Thought some of you might enjoy this article in 'Atlas Obscura' this morning. RV'ing 100 Years Ago One pic from the article: width=800 When we were kids in the 50's, I can't recall our family knowing anyone who owned an RV. We knew about them, because the 'Wally Byam Caravan' came to our town one year.
Old Islander 09/03/19 08:49am General RVing Issues
RE: British Columbia, Canada

We took the Coquihalla highway southbound in March on our way to Vancouver Island. It snowed fairly heavily and driving was a little tough with few places to get off for a rest until we were nearly to highway 3 at the south end. Behold there was a nice, friendly private campsite where we had a quiet night and good showers in the morning. On a back road toward Hope we saw the entrance to a park with historic railway tunnels. Unfortunately it was still closed for winterCanyon Provincial Park Thanks for that link, Harvey. I've lived here all my life and didn't know about that park. I'll make a special trip there and see it soon. My granddad was a conductor on the famous 'Kettle Valley Railway' and would have been through those tunnels hundreds of times, back when the railway was still in operation.
Old Islander 08/30/19 10:44am RVing in Canada and Alaska
RE: Using the black water tank as a second grey water tank

As others have said, there is no apparent reason why you couldn't/shouldn't do this. There are likely several different ways to plumb it, that'll accomplish the job. One thing that occurs to me, is you may want to plumb a connecting line between the tanks so they self-level. Otherwise, one tank may consistently fill up before the other. Being as how there is no solid waste, you wouldn't need a big line to do it -- 1" would probably be plenty. And you might also think about making the mod reversible, in case you ever want to put it back the way it was, for resale. If you do it, some pics and an article about the job would be interesting -- I'd enjoy following the work.
Old Islander 08/29/19 09:21am Class C Motorhomes
RE: Trip Report -- WA to Northern BC and Back

Emcvay, many thanks for the pics and comments of your recent BC trip. We may have crossed paths; we did a loop of the central province -- just home a week ago. Coincidentally, we also stayed at the Monck Provincial Park campsite at Nicola lake, and at the Barkerville RV site. Monck Prov. Park Did you make reservations for all your sites? Normally we do, but this trip was an experiment, in that we made none. We were able to get into every park we visited, often with really nice sites. At two, including the Monck campground, we were able to get waterfront sites. I think the trick is to drive in the morning, and get to the campground in the early afternoon, before everyone starts to arrive. Then go off exploring. I'll look forward to seeing the rest of your pics...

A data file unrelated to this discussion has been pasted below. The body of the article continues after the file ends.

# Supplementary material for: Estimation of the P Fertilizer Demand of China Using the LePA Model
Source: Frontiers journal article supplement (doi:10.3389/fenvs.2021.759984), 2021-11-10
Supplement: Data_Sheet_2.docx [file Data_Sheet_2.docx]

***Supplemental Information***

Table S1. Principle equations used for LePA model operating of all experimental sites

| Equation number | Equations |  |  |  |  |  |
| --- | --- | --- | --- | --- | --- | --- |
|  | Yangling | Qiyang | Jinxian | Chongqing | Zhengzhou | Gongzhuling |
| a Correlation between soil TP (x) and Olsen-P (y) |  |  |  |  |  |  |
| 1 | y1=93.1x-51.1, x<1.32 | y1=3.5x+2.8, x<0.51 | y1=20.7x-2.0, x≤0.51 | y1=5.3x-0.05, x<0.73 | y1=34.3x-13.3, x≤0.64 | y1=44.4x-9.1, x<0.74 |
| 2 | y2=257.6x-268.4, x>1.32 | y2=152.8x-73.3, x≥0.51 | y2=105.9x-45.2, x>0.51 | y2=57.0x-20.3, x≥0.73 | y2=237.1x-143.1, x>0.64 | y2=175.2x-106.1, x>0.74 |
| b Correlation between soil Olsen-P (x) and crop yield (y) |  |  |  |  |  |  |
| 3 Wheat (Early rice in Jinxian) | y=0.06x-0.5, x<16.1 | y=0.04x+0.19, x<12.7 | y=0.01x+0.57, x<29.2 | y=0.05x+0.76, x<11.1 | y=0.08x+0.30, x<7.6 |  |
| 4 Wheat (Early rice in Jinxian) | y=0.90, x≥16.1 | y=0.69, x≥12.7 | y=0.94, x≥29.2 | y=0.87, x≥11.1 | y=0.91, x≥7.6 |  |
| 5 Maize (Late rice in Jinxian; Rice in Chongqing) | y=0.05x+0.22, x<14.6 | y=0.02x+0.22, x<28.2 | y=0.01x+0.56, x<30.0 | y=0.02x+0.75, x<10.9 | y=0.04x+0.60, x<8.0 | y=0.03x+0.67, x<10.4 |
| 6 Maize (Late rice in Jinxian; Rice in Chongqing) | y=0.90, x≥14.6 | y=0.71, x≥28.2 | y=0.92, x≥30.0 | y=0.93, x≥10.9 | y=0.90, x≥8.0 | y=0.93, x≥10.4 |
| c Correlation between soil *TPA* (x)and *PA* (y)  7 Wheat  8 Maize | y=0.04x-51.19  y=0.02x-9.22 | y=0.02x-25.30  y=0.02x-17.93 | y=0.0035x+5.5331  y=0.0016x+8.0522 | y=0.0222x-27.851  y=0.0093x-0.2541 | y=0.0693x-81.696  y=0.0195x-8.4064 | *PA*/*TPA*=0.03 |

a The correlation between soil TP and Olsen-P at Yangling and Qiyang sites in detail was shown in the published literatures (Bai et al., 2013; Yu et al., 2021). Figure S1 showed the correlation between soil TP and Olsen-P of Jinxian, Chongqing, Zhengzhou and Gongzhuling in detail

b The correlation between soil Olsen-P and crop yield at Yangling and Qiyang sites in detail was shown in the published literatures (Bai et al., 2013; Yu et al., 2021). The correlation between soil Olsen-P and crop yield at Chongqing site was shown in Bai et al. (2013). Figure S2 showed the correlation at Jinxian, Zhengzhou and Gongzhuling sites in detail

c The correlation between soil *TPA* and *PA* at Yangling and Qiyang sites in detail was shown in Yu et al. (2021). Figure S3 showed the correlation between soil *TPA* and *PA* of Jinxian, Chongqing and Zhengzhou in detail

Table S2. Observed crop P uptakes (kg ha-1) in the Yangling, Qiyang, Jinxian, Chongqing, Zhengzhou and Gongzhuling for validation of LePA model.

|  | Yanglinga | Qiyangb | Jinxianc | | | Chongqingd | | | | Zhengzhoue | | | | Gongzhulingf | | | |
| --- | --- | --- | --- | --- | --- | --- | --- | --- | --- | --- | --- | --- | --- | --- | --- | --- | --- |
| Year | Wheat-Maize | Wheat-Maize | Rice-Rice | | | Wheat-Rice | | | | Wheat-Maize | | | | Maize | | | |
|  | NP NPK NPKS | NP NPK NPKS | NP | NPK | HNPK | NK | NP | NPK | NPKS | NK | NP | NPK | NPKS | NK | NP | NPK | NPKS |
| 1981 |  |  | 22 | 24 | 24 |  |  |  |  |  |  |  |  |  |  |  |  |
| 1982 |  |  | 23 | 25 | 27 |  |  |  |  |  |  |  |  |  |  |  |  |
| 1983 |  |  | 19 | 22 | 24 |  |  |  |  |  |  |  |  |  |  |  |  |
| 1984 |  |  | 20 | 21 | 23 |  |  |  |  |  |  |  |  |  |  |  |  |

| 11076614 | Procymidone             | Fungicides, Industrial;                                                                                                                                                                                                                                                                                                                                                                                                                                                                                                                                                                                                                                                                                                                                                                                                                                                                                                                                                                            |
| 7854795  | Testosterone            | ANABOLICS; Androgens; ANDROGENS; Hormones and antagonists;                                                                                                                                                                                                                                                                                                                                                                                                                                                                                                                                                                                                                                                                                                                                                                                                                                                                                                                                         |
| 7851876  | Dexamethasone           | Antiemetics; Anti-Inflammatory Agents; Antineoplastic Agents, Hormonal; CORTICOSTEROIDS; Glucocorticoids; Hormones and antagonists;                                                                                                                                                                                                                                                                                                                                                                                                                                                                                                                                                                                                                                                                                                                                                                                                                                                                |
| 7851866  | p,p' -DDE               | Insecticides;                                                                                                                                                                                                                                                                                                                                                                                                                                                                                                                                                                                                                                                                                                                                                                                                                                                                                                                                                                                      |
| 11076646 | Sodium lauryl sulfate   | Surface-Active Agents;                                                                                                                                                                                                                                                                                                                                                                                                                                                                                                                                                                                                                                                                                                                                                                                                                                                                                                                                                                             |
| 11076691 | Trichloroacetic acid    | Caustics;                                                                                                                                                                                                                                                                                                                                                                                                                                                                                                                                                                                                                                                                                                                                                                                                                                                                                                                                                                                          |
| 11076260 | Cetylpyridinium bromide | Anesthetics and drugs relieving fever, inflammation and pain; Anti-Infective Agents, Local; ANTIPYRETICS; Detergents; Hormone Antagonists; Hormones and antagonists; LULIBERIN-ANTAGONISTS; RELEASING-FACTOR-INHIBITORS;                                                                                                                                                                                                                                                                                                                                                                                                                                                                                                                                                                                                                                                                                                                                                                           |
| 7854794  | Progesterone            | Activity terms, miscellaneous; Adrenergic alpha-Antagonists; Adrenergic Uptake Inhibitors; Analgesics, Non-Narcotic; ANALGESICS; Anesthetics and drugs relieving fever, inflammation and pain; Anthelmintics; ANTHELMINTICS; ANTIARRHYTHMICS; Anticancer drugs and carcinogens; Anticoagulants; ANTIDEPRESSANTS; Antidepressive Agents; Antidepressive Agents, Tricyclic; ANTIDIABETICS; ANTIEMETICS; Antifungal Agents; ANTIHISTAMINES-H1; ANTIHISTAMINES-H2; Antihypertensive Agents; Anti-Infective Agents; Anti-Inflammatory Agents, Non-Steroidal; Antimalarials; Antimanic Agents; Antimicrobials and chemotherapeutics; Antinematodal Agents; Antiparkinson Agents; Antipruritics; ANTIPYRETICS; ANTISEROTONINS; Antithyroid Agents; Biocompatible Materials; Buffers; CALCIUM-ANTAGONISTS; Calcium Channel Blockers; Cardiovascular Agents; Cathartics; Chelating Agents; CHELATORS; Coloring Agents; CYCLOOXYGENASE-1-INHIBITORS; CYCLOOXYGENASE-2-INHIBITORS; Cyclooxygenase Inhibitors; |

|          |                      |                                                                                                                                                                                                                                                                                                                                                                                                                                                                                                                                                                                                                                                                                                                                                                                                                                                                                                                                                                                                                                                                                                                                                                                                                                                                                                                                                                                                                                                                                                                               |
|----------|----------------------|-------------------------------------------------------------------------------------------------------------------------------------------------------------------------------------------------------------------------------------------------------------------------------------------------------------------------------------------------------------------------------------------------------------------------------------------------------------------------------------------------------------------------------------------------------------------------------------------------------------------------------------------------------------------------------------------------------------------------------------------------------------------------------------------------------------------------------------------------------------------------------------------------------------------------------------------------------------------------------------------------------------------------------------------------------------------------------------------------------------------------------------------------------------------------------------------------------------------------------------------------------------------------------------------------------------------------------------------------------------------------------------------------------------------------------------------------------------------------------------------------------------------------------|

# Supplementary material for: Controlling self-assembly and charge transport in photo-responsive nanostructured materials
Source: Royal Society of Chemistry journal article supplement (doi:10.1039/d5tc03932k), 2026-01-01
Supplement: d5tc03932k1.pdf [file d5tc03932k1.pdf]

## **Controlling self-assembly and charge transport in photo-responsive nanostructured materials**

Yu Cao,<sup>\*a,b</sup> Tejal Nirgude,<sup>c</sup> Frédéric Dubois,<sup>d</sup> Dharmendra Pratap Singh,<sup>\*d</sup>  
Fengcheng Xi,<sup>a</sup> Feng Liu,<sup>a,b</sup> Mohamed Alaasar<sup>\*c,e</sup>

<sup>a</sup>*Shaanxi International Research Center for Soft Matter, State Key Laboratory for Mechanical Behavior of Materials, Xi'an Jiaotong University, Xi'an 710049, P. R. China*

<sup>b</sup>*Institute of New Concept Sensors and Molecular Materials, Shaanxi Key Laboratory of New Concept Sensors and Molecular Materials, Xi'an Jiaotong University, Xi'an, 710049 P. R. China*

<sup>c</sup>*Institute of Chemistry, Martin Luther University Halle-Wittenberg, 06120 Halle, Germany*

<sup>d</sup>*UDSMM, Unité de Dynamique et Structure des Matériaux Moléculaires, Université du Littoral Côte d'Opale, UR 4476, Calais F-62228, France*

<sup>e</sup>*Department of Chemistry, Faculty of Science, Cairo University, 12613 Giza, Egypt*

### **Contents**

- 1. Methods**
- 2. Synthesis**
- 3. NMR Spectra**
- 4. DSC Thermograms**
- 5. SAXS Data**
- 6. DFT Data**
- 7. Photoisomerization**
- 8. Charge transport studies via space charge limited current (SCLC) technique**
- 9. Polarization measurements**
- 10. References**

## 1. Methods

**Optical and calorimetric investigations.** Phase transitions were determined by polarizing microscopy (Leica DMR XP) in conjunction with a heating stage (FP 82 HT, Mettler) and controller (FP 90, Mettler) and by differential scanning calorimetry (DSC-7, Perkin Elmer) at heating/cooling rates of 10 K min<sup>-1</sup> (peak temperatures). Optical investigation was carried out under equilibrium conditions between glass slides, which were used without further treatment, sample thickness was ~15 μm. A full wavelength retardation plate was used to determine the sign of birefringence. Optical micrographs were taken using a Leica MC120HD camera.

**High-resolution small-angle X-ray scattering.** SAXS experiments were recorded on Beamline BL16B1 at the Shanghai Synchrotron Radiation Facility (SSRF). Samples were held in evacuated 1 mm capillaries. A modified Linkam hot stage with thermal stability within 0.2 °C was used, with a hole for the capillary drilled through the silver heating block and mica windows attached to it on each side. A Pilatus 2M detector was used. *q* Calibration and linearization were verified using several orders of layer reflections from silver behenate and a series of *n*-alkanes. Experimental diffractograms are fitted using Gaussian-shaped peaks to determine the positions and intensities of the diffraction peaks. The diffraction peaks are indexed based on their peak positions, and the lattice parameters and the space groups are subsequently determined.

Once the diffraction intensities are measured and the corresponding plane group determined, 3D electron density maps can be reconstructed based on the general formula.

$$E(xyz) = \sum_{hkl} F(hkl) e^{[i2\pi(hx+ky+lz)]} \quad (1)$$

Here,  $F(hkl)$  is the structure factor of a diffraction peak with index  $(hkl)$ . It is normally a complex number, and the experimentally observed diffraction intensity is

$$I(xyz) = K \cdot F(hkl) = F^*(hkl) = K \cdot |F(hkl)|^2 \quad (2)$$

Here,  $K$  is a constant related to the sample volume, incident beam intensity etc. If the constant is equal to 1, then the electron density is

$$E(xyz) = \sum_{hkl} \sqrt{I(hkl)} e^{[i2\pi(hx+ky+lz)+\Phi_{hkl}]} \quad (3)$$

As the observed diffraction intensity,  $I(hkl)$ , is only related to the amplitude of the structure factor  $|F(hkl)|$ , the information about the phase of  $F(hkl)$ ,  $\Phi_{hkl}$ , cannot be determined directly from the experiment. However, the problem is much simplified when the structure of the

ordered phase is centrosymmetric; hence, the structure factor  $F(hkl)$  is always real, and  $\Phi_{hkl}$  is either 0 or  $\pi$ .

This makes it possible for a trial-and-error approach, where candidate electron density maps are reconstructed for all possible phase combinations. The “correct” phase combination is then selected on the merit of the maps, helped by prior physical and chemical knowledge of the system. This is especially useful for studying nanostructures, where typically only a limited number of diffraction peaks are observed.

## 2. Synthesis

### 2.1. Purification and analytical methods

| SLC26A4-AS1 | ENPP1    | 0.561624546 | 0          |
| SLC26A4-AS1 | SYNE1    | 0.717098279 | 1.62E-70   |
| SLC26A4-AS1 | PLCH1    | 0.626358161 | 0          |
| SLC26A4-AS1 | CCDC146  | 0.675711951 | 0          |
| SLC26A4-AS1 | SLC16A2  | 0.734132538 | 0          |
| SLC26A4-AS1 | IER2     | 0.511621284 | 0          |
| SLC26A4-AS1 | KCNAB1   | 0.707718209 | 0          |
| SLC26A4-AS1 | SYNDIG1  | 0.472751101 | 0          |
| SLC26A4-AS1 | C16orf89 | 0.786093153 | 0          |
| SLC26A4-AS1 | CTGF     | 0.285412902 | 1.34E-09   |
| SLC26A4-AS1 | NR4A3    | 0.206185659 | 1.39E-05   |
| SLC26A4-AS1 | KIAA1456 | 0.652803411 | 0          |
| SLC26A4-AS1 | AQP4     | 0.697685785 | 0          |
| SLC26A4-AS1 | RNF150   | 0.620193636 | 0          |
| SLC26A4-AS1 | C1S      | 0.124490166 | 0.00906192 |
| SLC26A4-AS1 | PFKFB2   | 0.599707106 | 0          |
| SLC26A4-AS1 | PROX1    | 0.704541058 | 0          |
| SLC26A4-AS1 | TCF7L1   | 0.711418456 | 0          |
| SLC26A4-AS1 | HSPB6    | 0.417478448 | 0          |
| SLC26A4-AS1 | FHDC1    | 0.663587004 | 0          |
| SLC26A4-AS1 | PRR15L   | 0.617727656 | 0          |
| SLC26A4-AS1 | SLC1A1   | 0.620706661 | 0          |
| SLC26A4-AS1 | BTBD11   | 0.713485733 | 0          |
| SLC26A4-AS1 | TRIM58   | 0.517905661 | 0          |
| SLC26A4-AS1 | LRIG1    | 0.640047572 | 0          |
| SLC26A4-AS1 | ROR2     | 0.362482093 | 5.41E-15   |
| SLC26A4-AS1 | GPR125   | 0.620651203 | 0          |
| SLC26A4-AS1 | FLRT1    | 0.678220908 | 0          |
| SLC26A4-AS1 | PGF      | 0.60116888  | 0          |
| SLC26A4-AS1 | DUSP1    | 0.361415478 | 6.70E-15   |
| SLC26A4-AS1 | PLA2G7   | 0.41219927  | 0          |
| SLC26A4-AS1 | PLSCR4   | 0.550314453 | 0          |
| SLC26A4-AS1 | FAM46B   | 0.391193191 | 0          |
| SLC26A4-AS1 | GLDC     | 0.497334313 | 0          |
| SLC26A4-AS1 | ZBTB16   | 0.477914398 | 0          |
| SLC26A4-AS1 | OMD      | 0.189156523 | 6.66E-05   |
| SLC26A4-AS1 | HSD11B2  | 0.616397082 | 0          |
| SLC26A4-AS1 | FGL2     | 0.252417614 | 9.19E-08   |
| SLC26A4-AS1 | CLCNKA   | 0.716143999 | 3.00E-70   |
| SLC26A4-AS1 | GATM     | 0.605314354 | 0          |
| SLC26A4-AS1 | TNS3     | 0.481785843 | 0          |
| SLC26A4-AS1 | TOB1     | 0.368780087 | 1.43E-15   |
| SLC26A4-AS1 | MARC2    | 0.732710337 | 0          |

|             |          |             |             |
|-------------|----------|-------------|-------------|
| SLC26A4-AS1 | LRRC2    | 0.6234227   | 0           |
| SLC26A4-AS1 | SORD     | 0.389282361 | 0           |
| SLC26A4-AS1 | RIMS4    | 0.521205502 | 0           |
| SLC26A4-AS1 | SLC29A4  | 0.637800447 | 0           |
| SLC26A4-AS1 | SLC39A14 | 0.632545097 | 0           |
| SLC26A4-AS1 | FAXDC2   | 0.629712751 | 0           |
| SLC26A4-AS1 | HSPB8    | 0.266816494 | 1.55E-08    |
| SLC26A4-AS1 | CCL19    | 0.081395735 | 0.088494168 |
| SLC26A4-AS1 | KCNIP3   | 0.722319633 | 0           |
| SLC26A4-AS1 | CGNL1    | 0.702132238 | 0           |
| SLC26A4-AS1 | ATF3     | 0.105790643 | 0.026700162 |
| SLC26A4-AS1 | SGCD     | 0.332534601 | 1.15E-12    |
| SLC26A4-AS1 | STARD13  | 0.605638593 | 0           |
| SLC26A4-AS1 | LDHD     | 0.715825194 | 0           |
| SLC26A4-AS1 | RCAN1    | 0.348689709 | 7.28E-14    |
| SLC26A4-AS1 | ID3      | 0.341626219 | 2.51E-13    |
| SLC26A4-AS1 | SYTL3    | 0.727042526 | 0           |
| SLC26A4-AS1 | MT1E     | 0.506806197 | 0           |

Old Islander 08/28/19 11:15am Truck Campers
RE: British Columbia, Canada

We’ve lived in BC all our lives, and still enjoy RV’ing every year to some new location. We just got back from a loop thru the central province – almost 3000 km. Regarding your questions about BC, here are some thoughts. First, I’d forget Hope; uninteresting little town – the hub of 3 major highways (with apologies to its citizenry...;)) As other’s have said, the ‘Coke’ (Hwy 5) is a quick means (2 hrs) to get from the Fraser Valley to the central interior, where you have many amazing choices about where to go and what to see next. If you have time, there are more scenic routes to the interior. Another choice from Hope – the Hope/Princeton highway (Hwy 3) which travels eastward from Hope. Really some nice scenery and a nice park (Manning Park) half-way thru with beautiful Provincial parks and camping. This highway takes you to the south Okanagan valley – an amazing place to explore. Another highway out of Hope is the Fraser canyon (Hwy 1) – there is some nice scenery but can be slow in the summer, due to being mostly single lane. Lots of railway history here and in some areas, you can still see the old gold rush trail high about the Thompson River. At the top of the ‘Coke’, you head into the central interior, where we were. We did a loop up to Prince Goerge on Hwy 97 (which by the way, can be followed south, right to Weed, CA). Then we headed east on Hwy 16, which loops all the way back down to Kamloops at the top of the 'Coke'. Stayed at Wells Gray NP -- saw waterfalls even more amazing than Niagra... From these highways, there are a thousand side jaunts – we visited Barkerville (small preserved gold rush town from the 1860’s – well worth seeing...) east of Quesnel and a side-trip to Jasper from Hwy 16 (nothing less that spectacular...). I never drove more than 5 hours a day – never made a campground reservation, and always got a great campsite – twice we got lakefront sites. We did all of this in two weeks. If you’d like more info about specific areas, let us know... Hope you have a great trip.
Old Islander 08/27/19 10:25am RVing in Canada and Alaska